It is well suited particularly to large and expensive assets with long lifecycles, such as industrial machines, jet engines, trucks and more. Therefore, product-as-a-service business model is likely to be more prevalent and develop faster in B2B rather than B2C customer relationships.
In B2C, the model can be applied to products that certain customer segments have low interest or possibility to own, due to high cost or infrequent use, as with the car and bicycle examples above. But generally, for products that a customer perceives of low cost, the incentive to buy through such a business model would be lower.
Enterprises can realize benefits from IoT enabled product-as-a-service in a number of ways that directly or indirectly lead to cost savings and higher revenues:
For example, sensors measuring carbon dioxide in buildings can be used not only to ensure fresh air but also to optimize office cleaning by correlating it with human usage. In manufacturing, it can increase the selling of consumables and spare parts as they can be ordered proactively.
Additional premium maintenance services can be offered to customers with more critical needs. IoT also allows enterprises to address new segments or expand into new value adding areas such as platforms and applications and create ecosystems.
Profitability and cash flow
Most of the benefits to the enterprise described in the previous section translate also into benefits to its customers.
Summarized in Figure 2 below are some of these main benefits.
Servitization brings many benefits to the business and creates value for its customers but from an organizational perspective it may be challenging. It requires a shift in mindset and impacts strategy, processes, people and technology. In Figure 3 below, we summarize some of the main considerations in the journey of transforming business model. Naturally, the starting point is the customers, and the other areas can be evaluated consecutively or in parallel, depending on the company’s situation. Each of these is addressed in more detail on the following pages.
Generate business from new customers while better engaging with existing customers – these are the main goals of moving towards a PaaS model. Offering a low customer entry price, with a pay-as-you-go revenue model, expands your potential customer base, with a path to continual end-user feedback and engagement.
With a traditional product, the value proposition is built around selling an asset with certain features and quality. In a PaaS offering, the value you provide is reliable, on-demand performance. Adopting PaaS requires a complete rethinking of the offering and how the value is created and delivered.
Offering product-as-a-service allows to create a stronger value proposition to customers but it requires a complete rethinking of the offering and how the value is created and delivered. With a traditional product, the value proposition is built around selling an asset with certain features and quality. In a product-service offering, the value proposition is centered around providing reliable performance when needed or offering specific outcomes for the customer.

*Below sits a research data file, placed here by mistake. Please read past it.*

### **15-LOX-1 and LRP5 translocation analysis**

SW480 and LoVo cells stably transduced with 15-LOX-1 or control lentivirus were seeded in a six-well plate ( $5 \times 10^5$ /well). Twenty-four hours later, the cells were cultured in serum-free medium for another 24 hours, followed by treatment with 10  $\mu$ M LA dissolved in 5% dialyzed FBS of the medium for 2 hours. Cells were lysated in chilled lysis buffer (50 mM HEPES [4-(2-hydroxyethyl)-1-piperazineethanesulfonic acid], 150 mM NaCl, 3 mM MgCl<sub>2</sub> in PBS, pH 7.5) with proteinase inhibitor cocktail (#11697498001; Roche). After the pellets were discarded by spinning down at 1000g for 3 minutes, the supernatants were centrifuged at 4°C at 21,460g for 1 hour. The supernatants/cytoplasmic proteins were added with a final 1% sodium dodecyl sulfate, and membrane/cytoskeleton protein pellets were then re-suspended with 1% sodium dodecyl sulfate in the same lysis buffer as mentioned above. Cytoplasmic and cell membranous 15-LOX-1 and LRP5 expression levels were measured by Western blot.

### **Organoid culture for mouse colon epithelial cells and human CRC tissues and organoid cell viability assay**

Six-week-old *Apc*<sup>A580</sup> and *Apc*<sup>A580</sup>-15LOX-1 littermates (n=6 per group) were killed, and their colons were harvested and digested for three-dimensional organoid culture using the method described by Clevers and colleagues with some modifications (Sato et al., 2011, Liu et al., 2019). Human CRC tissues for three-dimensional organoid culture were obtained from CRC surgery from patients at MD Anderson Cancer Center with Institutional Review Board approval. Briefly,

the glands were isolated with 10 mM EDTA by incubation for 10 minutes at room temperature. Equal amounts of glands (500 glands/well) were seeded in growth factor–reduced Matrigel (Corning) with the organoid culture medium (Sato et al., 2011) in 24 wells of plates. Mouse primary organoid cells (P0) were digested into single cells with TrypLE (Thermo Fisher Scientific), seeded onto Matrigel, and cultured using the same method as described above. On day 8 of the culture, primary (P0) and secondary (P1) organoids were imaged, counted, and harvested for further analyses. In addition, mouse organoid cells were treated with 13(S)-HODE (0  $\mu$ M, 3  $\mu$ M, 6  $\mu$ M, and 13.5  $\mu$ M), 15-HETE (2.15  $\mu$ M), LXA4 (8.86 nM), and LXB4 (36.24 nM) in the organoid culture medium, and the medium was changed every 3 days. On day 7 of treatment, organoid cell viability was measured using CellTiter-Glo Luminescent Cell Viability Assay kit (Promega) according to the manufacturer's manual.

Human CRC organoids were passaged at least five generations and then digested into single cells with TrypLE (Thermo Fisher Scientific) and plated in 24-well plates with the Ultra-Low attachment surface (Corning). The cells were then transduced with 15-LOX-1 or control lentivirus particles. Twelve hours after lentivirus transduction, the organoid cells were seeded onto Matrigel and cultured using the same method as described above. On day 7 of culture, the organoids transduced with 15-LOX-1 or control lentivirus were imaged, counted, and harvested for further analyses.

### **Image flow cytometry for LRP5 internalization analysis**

Rolls Royce is a good example of a manufacturer that has successfully transformed from a product/technology company to a services and customer centric company.
“TotalCare” is their jet engine-as-a-service offering, designed to guarantee engine availability and charge customers (airlines) based on engine flying hours. Rolls Royce thus redefined their value proposition from what can be described as “we sell engines” to “we supply power by the hour”.
Each company needs to consider, what is the best way to deliver more value in a way that differentiates the offering?
What do customers expect and value with respect to the pricing model, repair and maintenance guarantees, software updates providing new features?
NRG Home Solar is another good example of how the value is delivered in a product-service model. The company offers solar panels-as-a-service to residential customers, which pay predictable rates per kWh. The product ownership and responsibility for the system performance and operation remain with the enterprise. The value proposition is based on providing clean energy, at no upfront installation costs, while customers can enjoy predictable rates and even reduce monthly electricity bills.
As product-as-a-service and IoT are relatively new to every industry, quantifying a business case is challenging. However, to ensure the buy-in of management, it is crucial to understand the effect on revenue and costs, and the resulting return on investment.
Quantifying the business case is one of the main challenges that enterprises face since IoT is still a relatively new area and the impact of a new business model may be hard to assess. However, understanding the effect on revenue streams and costs, and the resulting return on investment are important in the decision making process and to ensure the buy-in of management and other key stakeholders.
The cost side of the business case should consider both the capital and operating expenses as well as the expected cost savings.
The CAPEX includes investments into new IT systems and capabilities (such as analytics platform) and adding incremental layers to existing systems (such as billing, CRM), which typically entails development, installation and integration costs.
The OPEX mainly consists of the cost of using third party systems and services, running costs for in-house systems, and subscription fees for connectivity. A connected product-as-a-service can also create cost savings for the enterprise over time. The cost savings are typically realized from improved (e.g. predictive) maintenance, optimized operations and supply chain, automated monitoring and more.